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Archive for the ‘Queries’ Category

DBAs most often face scenarios where they need to capture graphical execution plan of a query currently running on a live production instance because of multiple reasons like:

  • why a particular SPID is causing blocking
  • why is my query running slow
  • why isn’t the index getting used
  • which operator is costing more and why

While there are multiple ways to retrieve the execution plan, below is the query I always keep handy as I can run this safely on a live production server with minimal effort.

SELECT CONVERT(XML, c.query_plan) AS ExecutionPlan
FROM sys.dm_exec_requests a with (nolock)
OUTER APPLY sys.dm_exec_sql_text(a.sql_handle) b
OUTER APPLY sys.dm_exec_text_query_plan (a.plan_handle, a.statement_start_offset, a.statement_end_offset) c
LEFT JOIN sys.dm_exec_query_memory_grants m (nolock)
ON m.session_id = a.session_id
AND m.request_id = a.request_id
JOIN sys.databases d
ON d.database_id = a.database_id
WHERE  a.session_id = @@SPID --replace @@SPID with the SPID number for which you want to capture query plan
ORDER BY a.Start_Time
 

Hope this will be a good addition to your query bank.

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Recently I came across a situation where queries are loading extremely slow from a table. After careful analysis we found the root cause being, a column with ntext datatype was getting inserted with huge amounts of text content/data. In our case DATALENGTH T-SQL function came real handy to know the actual size of the data in this column.

According to books online, DATALENGTH (expression) returns the length of the expression in bytes (or) the number of bytes SQL needed to store the expression which can be of any data type. From my experience this comes very handy to calculate length and size especially for LOB data type columns (varchar, varbinary, text, image, nvarchar, and ntext) as they can store variable length data. So, unlike LEN function which only returns the number of characters, the DATALENGTH function returns the actual bytes needed for the expression.

Here is a small example:

Use AdventureWorksLT2012
GO
Select ProductID, DATALENGTH(Name) AS SizeInBytes, LEN(Name) AS NumberOfCharacters
FROM [SalesLT].[Product]

 

–Results

DATALENGTH

If your column/expression size is too large like in my case, you can replace DATALENGTH(Name) with DATALENGTH(Name)/1024 to convert to KB or with DATALENGTH(Name)/1048576 to get the size in MB.

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Here is the session I gave for the techies at Microsoft about in-built tools available in SQL Server to analyze a query performance. This is a bit lengthy, but covers ALL out of the box tools in SQL Server to get query metrics.

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Today morning when I was working on a huge database containing lots of LOB data, I was required to know what tables have LOB data, and the list of LOB columns by table name along with the data type.

I found that starting SQL Server 2005, we can easily retrieve this information from the Information Schema Views, by specifying “COLUMN_NAME” in view_name. There may be even a better way to do this, but here is what I came-up with.

USE [AdventureWorks2012]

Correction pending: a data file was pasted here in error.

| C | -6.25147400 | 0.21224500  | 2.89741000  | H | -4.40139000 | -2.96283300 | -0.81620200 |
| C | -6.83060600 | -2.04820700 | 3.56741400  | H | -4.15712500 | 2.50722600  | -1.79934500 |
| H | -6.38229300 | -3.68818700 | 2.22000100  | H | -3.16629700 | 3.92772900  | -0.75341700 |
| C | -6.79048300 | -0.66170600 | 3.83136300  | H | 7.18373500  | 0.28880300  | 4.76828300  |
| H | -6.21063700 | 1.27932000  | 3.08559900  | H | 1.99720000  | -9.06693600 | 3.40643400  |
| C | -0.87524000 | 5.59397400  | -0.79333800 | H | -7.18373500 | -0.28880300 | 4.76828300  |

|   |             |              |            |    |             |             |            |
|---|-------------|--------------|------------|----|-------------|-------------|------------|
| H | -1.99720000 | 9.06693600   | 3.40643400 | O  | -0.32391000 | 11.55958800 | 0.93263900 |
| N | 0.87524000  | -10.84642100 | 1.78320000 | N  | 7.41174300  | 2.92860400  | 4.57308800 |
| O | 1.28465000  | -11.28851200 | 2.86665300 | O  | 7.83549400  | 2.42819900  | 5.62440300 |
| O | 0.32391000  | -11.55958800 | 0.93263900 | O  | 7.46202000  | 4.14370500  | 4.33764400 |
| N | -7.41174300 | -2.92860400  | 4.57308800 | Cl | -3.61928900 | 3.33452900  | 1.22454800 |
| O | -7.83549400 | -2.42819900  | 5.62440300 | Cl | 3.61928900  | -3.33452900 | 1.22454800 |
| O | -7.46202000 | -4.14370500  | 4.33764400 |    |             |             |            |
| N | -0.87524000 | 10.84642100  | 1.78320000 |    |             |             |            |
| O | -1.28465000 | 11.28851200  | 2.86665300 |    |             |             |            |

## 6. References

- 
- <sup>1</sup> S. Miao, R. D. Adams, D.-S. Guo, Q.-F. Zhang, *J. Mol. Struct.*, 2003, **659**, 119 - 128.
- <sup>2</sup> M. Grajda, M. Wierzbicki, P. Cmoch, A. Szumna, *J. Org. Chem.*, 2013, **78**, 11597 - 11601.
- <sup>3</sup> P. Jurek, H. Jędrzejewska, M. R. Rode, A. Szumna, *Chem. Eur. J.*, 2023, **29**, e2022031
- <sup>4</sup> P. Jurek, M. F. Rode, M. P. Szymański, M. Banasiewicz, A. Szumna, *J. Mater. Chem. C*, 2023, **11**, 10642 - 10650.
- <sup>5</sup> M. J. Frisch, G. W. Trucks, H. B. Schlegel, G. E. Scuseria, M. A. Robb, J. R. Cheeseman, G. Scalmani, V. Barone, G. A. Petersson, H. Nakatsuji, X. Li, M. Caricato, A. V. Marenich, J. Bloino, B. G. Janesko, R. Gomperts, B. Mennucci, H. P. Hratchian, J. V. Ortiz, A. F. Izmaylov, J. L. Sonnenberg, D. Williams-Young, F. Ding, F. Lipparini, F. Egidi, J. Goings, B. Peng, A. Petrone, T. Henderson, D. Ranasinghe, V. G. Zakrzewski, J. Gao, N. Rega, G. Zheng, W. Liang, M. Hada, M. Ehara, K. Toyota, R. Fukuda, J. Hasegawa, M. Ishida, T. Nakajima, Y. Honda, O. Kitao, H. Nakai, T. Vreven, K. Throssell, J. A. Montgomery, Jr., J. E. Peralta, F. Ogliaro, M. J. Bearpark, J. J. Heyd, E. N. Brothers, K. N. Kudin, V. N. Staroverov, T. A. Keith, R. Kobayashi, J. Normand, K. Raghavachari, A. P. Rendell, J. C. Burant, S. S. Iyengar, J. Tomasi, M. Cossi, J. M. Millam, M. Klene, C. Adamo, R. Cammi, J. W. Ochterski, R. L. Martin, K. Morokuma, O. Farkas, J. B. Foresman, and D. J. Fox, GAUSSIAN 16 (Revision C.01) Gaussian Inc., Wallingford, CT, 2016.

GO
SELECT TABLE_SCHEMA, TABLE_NAME, COLUMN_NAME, DATA_TYPE
FROM INFORMATION_SCHEMA.COLUMNS 
WHERE DATA_TYPE IN ('FILESTREAM','XML','VARBINARY','TEXT','NTEXT','IMAGE') 
OR(DATA_TYPE IN ('VARCHAR', 'NVARCHAR') AND CHARACTER_MAXIMUM_LENGTH = -1)
ORDER BY TABLE_NAME

HERE is an explanation by Pinal Dave, why I have to include CHARACTER_MAXIMUM_LENGTH = -1 in the above query

Sample Output:

Untitled

Below column types are considered LOB (Large Objects):
VARCHAR(MAX), NVARCHAR(MAX), FILESTREAM, XML, VARBINARY,
TEXT, NTEXT, IMAGE

Note: Data types TEXT, NTEXT and IMAGE were deprecated in SQL Server 2012 and are going to be removed in future versions, so Microsoft doesn’t recommend using them in new applications. For more information, please refer HERE

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Earlier today I was required to pull the list of all SQL Login Accounts, Windows Login Accounts and Windows Group Login Accounts (basically all the Logins along with the Account Type of the Login) on one of the SQL Server instance where there are close to a hundred Login Accounts existing.

Doing it from SSMS GUI will take forever. So, I wrote a simple T-SQL script using which I was able to pull out all that information in less than a second!

Get the list of all Login Accounts in a SQL Server

SELECT name AS Login_Name, type_desc AS Account_Type
FROM sys.server_principals 
WHERE TYPE IN ('U', 'S', 'G')
and name not like '%##%'
ORDER BY name, type_desc

Get the list of all SQL Login Accounts only

SELECT name
FROM sys.server_principals 
WHERE TYPE = 'S'
and name not like '%##%'

Get the list of all Windows Login Accounts only

SELECT name
FROM sys.server_principals 
WHERE TYPE = 'U'

Get the list of all Windows Group Login Accounts only

SELECT name
FROM sys.server_principals 
WHERE TYPE = 'G'

Note: Requires ALTER ANY LOGIN server permission to be able to view all the logins.

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In SQL Serve 2012, we can get the default data file and log file locations using a simple T-SQL query as below:

SELECT SERVERPROPERTY('INSTANCEDEFAULTDATAPATH') AS [Default_Data_path]
,SERVERPROPERTY('INSTANCEDEFAULTLOGPATH') AS  [Default_log_path]
GO

Sample Output:

Default-Data-Path-Log-path

These parameters INSTANCEDEFAULTDATAPATH & INSTANCEDEFAULTLOGPATH are new in SQL Server 2012 and are not documented yet. Usually undocumented features like these aren’t tested rigorously which is why Microsoft says they are not intended to be used by customers.

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